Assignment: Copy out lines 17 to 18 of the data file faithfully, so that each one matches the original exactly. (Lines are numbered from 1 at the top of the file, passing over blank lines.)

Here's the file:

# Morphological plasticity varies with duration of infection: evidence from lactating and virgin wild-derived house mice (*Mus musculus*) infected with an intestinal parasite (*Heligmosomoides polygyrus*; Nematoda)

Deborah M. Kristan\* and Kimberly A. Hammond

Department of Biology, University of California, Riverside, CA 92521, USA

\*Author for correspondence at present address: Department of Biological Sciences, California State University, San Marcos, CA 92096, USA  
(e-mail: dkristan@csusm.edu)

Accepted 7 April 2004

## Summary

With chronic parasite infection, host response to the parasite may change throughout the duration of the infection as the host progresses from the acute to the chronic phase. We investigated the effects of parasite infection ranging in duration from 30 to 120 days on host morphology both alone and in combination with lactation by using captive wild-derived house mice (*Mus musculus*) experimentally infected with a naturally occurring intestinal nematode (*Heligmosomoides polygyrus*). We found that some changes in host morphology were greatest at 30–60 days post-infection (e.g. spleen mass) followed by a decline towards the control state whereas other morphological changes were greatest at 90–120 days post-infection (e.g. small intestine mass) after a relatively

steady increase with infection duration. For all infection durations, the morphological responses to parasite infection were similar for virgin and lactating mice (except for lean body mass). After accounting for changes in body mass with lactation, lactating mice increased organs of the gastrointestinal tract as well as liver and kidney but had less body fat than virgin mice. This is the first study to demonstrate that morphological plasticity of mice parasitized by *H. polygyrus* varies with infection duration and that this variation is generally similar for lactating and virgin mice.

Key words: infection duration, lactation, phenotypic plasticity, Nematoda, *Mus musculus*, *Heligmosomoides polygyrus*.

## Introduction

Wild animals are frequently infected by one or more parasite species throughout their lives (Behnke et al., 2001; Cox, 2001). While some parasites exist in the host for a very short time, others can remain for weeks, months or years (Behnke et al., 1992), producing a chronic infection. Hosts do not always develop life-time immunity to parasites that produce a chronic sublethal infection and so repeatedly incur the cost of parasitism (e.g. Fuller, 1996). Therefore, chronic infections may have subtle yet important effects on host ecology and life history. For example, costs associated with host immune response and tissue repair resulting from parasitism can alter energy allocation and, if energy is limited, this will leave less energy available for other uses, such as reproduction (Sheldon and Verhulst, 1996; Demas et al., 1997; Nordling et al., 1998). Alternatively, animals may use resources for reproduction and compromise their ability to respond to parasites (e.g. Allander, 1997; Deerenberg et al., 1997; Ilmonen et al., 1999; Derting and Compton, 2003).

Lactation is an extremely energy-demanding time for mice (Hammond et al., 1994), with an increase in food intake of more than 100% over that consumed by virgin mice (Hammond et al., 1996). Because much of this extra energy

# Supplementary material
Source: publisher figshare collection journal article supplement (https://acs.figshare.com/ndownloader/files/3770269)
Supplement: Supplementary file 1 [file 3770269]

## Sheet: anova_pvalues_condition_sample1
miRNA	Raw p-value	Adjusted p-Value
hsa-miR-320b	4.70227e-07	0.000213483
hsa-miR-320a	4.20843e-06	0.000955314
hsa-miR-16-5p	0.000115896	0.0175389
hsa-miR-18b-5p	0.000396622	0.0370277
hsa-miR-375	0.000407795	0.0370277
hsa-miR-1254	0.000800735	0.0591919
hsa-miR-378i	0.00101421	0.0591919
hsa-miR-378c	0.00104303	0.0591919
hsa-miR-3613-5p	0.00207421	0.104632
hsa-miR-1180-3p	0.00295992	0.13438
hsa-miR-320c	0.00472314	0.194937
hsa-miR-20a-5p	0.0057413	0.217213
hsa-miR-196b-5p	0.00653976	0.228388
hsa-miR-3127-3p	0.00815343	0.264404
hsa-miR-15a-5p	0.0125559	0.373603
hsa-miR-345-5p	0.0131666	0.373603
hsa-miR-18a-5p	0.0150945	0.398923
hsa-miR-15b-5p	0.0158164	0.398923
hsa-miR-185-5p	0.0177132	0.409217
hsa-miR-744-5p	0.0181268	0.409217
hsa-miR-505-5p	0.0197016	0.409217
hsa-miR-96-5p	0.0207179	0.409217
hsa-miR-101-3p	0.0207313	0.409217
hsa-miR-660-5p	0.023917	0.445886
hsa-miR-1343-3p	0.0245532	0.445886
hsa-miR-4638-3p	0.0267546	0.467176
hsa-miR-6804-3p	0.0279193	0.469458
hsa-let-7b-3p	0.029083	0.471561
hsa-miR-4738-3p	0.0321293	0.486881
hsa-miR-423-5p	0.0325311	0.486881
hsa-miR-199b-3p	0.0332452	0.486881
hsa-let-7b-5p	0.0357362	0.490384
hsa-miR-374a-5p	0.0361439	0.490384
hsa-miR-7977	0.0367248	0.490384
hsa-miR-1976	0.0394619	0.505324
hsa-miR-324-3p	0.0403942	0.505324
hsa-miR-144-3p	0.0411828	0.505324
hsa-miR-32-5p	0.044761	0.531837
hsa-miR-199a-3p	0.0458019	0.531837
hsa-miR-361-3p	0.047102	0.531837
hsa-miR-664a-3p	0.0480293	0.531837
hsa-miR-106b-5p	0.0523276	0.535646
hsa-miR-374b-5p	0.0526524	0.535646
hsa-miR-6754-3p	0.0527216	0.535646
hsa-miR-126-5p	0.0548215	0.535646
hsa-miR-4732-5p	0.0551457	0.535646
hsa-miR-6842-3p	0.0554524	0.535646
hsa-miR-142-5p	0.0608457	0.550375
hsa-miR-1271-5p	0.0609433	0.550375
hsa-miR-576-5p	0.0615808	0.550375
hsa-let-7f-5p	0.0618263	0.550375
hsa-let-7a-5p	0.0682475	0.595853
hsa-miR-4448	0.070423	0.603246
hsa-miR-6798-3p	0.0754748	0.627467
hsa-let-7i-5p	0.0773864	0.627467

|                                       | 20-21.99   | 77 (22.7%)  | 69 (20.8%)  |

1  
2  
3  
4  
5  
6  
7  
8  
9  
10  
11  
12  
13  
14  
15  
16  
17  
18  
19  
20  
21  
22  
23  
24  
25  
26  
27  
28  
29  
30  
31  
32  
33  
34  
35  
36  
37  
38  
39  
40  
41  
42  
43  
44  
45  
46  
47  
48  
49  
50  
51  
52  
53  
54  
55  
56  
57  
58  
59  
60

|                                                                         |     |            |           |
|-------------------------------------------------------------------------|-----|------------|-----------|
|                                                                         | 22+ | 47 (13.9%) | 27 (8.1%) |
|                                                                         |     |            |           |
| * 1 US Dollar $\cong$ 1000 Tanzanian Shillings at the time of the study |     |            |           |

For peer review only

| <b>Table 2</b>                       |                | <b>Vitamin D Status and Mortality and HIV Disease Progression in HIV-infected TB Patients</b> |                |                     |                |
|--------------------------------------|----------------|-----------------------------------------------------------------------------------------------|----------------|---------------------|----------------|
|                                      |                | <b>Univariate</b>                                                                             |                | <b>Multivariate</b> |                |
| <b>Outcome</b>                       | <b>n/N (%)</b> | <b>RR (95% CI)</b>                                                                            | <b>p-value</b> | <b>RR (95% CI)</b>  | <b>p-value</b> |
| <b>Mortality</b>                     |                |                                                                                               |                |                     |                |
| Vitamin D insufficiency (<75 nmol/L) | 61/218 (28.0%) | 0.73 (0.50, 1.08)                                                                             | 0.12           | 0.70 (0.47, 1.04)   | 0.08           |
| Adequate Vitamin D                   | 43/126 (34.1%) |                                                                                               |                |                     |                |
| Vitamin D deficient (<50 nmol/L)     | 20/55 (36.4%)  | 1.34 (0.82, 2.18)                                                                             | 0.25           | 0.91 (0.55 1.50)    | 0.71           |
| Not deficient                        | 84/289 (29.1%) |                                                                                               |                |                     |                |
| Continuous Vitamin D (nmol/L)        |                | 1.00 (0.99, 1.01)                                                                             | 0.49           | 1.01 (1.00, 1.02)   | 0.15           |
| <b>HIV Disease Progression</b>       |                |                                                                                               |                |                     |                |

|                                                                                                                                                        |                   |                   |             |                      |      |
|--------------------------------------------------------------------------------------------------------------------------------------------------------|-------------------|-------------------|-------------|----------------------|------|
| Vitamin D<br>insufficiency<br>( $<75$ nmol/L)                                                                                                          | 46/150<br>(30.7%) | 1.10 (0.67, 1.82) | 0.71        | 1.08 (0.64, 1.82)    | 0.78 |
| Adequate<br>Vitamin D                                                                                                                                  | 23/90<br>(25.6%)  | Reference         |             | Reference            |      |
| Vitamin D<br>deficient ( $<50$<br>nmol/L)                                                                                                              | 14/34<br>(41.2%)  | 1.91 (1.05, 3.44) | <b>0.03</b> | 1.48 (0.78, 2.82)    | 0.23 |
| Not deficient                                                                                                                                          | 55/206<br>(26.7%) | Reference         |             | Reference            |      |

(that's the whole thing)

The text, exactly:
## Sheet: anova_pvalues_condition_sample1
miRNA	Raw p-value	Adjusted p-Value